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Old 30th May 2010, 07:27 AM   #1
ECM is offline ECM  United States
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Default Two Transformer Balanced Power Unit

Hi All, I've built a few balanced power units before and I'm looking to wire up my next unit a little differently.

I'll be using two transformers, each are 115+115 input and 60+60 outputs, 1000VA.

Originally I was going to parallel them to get a 2000VA unit, however, I am running them as two independent 1000VA outputs within the same chassis.

My question is this: Can I back to back the two transformers, like a "Felicia" conditioner on steroids. Basically, one transformer will feed the second transformer with balanced power.

I understand I will limit the power to 1000VA. I've seen commercial units wired this way with talk about "extra reserves" of power being stored in the coils, etc. I can always add additional filtering between the two units as well.

Thanks.
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Old 30th May 2010, 04:41 PM   #2
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Using the transformers 'back to back' won't do anything except waste power. The energy stored in a descent transformer is neglegible.
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Old 30th May 2010, 06:35 PM   #3
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The "talk about extra reserves of power" is just that, talk. A transformer doesn't store any energy. It transforms volt-amperes at any power factor, and consumes a little power in the process.

There are other devices that are able to store small amounts of power for a brief period of time, such as a ferroresonant transformer, but the device you are referring to stores absolutely no power whatsoever.

Placing the two units in series (step-down to step-up) will work, but provide a higher source impedance to your load, which means poor supply regulation. Best bet is to parallel the primaries and series the secondaries, for an effective 1:1 isolation transformer.

Grounding the center tap of the secondary (balanced power) is a violation of the National Electrical Code; you need to ground one end, which becomes your neutral.
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Old 31st May 2010, 03:52 AM   #4
ECM is offline ECM  United States
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Thanks for the replies. I'll leave them as is.

zigzagflux, if grounding the center tap is a violation, how are companies able to sell balanced power units to the general public?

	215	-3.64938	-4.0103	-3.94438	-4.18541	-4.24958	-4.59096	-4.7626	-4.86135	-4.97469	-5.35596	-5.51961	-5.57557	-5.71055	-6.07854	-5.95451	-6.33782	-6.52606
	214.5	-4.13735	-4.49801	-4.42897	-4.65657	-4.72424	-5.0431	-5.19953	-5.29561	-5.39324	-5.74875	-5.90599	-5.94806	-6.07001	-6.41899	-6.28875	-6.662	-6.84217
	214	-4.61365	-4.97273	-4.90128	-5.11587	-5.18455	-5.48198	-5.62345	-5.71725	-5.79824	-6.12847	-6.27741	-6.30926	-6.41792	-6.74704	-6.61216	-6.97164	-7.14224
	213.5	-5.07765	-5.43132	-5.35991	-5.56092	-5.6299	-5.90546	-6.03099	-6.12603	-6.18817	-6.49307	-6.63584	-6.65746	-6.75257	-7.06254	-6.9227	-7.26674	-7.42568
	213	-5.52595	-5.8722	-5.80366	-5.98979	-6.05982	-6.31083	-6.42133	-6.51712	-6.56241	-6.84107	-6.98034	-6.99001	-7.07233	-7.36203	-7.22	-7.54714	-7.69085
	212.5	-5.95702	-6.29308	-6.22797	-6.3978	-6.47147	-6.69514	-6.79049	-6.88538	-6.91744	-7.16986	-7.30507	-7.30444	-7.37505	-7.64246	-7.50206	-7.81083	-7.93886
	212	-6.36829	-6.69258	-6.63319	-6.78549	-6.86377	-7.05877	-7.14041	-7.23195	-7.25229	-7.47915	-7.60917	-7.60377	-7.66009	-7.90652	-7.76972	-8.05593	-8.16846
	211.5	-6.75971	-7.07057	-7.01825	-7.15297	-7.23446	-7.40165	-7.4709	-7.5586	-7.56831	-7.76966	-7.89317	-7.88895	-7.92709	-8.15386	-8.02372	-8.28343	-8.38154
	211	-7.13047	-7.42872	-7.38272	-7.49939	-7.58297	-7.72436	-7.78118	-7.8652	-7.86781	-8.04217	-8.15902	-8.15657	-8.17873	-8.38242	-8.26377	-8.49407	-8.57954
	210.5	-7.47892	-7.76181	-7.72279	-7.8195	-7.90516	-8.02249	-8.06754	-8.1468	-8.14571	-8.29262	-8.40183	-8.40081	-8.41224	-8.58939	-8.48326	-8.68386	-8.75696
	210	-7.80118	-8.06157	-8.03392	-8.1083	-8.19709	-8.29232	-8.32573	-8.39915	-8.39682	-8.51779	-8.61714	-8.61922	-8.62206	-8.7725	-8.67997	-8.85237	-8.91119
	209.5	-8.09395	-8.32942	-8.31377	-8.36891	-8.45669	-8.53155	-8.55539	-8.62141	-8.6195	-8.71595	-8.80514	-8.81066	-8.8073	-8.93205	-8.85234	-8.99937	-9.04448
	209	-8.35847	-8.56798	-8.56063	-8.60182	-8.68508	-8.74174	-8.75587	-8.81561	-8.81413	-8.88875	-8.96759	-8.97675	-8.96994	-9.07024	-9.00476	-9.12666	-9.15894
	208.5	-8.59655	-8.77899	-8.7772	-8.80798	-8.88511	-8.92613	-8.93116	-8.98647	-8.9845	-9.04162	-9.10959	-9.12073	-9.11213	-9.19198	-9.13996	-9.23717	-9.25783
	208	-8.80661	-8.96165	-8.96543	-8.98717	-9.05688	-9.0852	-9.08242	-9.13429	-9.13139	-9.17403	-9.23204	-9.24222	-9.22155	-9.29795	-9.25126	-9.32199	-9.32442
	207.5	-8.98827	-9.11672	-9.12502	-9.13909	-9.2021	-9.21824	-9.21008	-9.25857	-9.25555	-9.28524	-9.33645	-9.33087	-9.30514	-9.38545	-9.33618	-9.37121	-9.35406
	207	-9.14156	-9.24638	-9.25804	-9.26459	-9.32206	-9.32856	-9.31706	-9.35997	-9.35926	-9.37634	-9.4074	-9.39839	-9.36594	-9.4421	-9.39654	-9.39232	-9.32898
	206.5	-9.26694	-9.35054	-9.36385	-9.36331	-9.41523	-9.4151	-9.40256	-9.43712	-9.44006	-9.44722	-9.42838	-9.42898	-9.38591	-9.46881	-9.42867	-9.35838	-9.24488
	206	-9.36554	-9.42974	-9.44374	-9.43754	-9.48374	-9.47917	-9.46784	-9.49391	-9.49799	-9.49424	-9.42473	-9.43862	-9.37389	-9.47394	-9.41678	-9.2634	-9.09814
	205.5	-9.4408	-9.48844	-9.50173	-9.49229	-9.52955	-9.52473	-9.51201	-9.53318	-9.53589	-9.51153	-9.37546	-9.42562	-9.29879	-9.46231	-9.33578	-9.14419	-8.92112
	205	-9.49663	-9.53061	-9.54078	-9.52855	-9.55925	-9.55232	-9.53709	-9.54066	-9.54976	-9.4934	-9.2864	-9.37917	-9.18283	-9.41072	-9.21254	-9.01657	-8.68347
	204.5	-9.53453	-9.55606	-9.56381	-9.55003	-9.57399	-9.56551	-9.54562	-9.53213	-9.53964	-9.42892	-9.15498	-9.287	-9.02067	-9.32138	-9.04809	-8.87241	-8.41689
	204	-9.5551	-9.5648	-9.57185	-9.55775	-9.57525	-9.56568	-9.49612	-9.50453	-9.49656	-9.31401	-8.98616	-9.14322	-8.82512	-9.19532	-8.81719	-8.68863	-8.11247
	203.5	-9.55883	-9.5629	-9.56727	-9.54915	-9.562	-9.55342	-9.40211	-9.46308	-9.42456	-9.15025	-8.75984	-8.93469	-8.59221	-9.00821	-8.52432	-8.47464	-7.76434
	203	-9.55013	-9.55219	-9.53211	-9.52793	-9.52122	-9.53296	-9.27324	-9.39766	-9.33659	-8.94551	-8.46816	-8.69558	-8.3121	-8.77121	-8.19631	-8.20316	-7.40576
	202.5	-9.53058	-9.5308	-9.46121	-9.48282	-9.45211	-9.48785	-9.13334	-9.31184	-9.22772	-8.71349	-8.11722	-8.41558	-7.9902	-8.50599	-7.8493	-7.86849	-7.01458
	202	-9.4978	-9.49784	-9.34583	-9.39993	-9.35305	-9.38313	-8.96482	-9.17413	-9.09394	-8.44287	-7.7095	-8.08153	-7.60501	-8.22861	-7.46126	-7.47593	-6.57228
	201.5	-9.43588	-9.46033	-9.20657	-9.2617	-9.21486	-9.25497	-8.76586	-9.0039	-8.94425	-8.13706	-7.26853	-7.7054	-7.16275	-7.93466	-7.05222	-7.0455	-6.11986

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Old 31st May 2010, 04:14 AM   #5
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Quote:
Originally Posted by ECM View Post
Thanks for the replies. I'll leave them as is.

zigzagflux, if grounding the center tap is a violation, how are companies able to sell balanced power units to the general public?
As long as you're not routing high voltage through building wiring, NEC does not apply. It is an isolated circuit. (UL, however, does apply.)

Note that balanced outputs are very common on power inverters since it simplifies the design.

And in the US, 240v is always balanced by design.
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Old 31st May 2010, 05:15 AM   #6
ECM is offline ECM  United States
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Quote:
Originally Posted by star882 View Post
As long as you're not routing high voltage through building wiring, NEC does not apply. It is an isolated circuit. (UL, however, does apply.)

Note that balanced outputs are very common on power inverters since it simplifies the design.

And in the US, 240v is always balanced by design.
Thanks for the clarification.
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Old 31st May 2010, 02:35 PM   #7
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We've been here before. Lots of misunderstanding on the subject.

Question about how to wire an Isolation Transformer
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Old 31st May 2010, 09:40 PM   #8
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ZigZag has covered balanced AC power in the US, but I would like to add:
Permanent balanced 120V (60V / 60V) AC power is permitted in commercial or industrial occupancies. The system's use is restricted to areas under close supervision by qualified personnel. This is per NEC 647 (2008 and soon 2011).
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